PA 09-164—sHB 6447
Insurance and Real Estate Committee
AN ACT MITIGATING FIRE LOSSES FOR HOMEOWNERS AND BUSINESS OWNERS
SUMMARY: This act makes numerous changes to the standard fire insurance policy that insurers, by law, must write in Connecticut. Specifically, it shortens the time an insurer has to pay a claim from 60 to 30 days and increases the statute of limitations for filing a lawsuit relating to a claim from 12 to 18 months after sustaining a loss. Additionally, the act allows an insured person and the insurer to agree in writing to a partial claim payment in advance of final claim adjudication and requires an insurer to reduce the total amount due to an insured by the amount of any advance partial payment made. The act specifies that an advanced partial payment does not affect the 30-day time period for total payment.
Under prior law, commercial risk insurance policies, including those issued to a condominium association, could exclude coverage for losses caused, directly or indirectly, by terrorism (1) if the premiums charged for the policy reflect projected savings from the exclusion and (2) until the terrorism risk program established under federal law expires. The act instead requires a condominium association's master insurance policy to include coverage for losses caused by terrorism if the condominium was formed after 1976. It still permits other commercial risk insurance policies, including those issued to a condominium formed before 1977, to exclude the coverage, subject to the two conditions. (The law allows the insurance commissioner to define “terrorism. ” He has adopted the definition used in the 2007 federal law reauthorizing the federal program. )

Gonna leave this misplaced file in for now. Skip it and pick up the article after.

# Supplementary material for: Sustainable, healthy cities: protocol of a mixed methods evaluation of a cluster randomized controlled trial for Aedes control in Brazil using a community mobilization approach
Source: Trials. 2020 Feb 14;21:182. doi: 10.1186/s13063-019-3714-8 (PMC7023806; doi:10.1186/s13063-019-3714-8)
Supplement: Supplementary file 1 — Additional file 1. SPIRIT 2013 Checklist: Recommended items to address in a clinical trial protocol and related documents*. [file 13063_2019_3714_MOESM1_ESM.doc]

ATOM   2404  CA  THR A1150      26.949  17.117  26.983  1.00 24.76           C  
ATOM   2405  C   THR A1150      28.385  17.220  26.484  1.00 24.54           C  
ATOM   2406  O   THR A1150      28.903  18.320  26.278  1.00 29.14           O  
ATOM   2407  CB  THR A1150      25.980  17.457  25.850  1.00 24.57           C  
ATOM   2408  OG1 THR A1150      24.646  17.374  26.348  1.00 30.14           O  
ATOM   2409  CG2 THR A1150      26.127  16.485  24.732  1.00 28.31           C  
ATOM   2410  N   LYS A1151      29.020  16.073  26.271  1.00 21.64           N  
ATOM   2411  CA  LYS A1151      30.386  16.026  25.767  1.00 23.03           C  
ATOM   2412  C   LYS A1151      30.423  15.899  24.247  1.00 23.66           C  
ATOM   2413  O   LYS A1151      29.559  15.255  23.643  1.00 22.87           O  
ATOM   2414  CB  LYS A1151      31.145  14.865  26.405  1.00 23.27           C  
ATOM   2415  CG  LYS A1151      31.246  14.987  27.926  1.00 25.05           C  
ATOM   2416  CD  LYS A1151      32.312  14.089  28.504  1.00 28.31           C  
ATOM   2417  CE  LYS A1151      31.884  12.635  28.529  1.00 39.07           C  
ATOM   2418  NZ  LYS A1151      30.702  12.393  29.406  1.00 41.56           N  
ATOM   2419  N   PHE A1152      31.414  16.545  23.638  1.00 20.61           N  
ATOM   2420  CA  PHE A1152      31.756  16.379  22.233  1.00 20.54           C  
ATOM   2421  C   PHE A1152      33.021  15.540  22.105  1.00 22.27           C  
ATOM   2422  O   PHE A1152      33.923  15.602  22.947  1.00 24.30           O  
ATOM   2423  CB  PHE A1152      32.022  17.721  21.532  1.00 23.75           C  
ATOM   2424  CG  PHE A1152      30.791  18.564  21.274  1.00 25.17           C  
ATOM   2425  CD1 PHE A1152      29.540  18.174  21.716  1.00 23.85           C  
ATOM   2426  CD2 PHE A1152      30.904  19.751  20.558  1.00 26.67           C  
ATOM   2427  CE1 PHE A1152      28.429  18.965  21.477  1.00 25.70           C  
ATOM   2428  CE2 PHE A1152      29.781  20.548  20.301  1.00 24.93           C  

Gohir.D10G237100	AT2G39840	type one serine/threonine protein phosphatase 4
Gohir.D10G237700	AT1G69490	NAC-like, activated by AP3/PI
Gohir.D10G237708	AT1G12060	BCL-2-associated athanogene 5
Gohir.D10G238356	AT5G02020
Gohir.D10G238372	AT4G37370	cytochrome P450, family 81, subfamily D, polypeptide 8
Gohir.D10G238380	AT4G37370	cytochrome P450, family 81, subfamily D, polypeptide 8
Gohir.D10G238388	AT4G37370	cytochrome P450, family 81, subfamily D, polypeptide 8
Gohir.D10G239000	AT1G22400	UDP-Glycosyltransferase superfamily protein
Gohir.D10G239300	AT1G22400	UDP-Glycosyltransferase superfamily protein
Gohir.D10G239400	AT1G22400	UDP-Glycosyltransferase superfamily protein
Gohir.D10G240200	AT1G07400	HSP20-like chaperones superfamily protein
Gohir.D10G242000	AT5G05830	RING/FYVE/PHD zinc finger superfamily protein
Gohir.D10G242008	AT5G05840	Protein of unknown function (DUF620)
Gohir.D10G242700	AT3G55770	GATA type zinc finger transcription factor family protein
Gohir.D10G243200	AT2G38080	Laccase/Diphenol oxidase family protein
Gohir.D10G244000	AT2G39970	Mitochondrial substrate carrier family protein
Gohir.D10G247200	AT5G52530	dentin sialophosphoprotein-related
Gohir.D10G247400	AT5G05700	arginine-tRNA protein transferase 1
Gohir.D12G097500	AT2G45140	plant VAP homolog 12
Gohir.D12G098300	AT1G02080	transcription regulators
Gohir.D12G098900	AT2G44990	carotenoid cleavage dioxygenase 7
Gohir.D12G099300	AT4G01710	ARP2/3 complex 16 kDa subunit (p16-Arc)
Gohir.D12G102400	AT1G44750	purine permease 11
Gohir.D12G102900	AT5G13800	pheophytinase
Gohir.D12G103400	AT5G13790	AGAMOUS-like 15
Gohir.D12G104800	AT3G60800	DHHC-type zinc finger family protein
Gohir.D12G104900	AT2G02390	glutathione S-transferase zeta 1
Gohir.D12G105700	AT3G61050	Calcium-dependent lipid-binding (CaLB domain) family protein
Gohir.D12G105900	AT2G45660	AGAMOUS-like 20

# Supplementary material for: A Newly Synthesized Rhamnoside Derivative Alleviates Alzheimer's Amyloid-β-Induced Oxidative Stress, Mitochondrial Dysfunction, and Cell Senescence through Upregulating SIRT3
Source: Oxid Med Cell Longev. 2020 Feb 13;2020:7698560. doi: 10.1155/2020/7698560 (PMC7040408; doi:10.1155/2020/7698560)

EFFECTIVE DATE: October 1, 2009
The act requires a condominium association's master policy to include coverage for terrorism if the condominium is subject to the Common Interest Ownership Act (CIOA) or the Condominium Act. If the condominium is subject to the Unit Ownership Act, it may exclude such coverage, subject to the conditions specified in the law.
Three different sets of laws govern condominiums, depending on when they were created. CIOA governs the creation, alteration, management, termination, and sale of condominiums and other common interest communities formed in Connecticut after December 31, 1983 (CGS § 47-200 et seq. ). The Condominium Act governs condominiums created from 1977 through 1983 (PA 76-308; CGS §§ 47-68a to 47-90c). The Unit Ownership Act governs condominiums created before 1977 (PA 1963, No. 605, July 10, 1963; CGS §§ 47-67 to 47-115 Rev. to 1975).
Federal Terrorism Risk Insurance Act
The 2002 federal Terrorism Risk Insurance Act created a temporary program under which the federal government shares the risk of loss from foreign terrorist attacks with the insurance industry. The 2007 Terrorism Risk Insurance Program Reauthorization Act revised several provisions of the initial act and extended the program until December 31, 2014.
The act defines “act of terrorism” as an act the treasury secretary certifies, in concurrence with the secretary of state and U. S. attorney general, to:
1. be an act of terrorism;
2. be violent or dangerous to human life, property, or infrastructure;
3. have resulted in damage within the United States (or outside the United States in the case of certain air carriers, vessels, or U. S. missions); and
4. have been committed as part of an effort to coerce U. S. civilians or to influence the policy or affect the conduct of the U. S. government by coercion.
An act will not be certified as an act of terrorism if (1) aggregate property and casualty insurance losses resulting from the event do not exceed $100 million or (2) it is committed in the course of a war declared by Congress. (This latter exclusion does not apply to workers' compensation claims. ) The federal payout under the program is capped at $100 billion.
The act requires insurers to offer coverage for losses caused by terrorism to all commercial insureds at the initial policy offer and at renewal. It prohibits the coverage from differing materially from the terms, amounts, and other limitations applicable to losses arising from non-terrorist acts.
The act requires insurers to give policyholders a disclosure containing specified information, including the amount of premium charged for losses caused by terrorism. If a policyholder does not pay the premium allocated for terrorism coverage, the policy will not take effect.
OLR Tracking: JLK: KM: JL: TS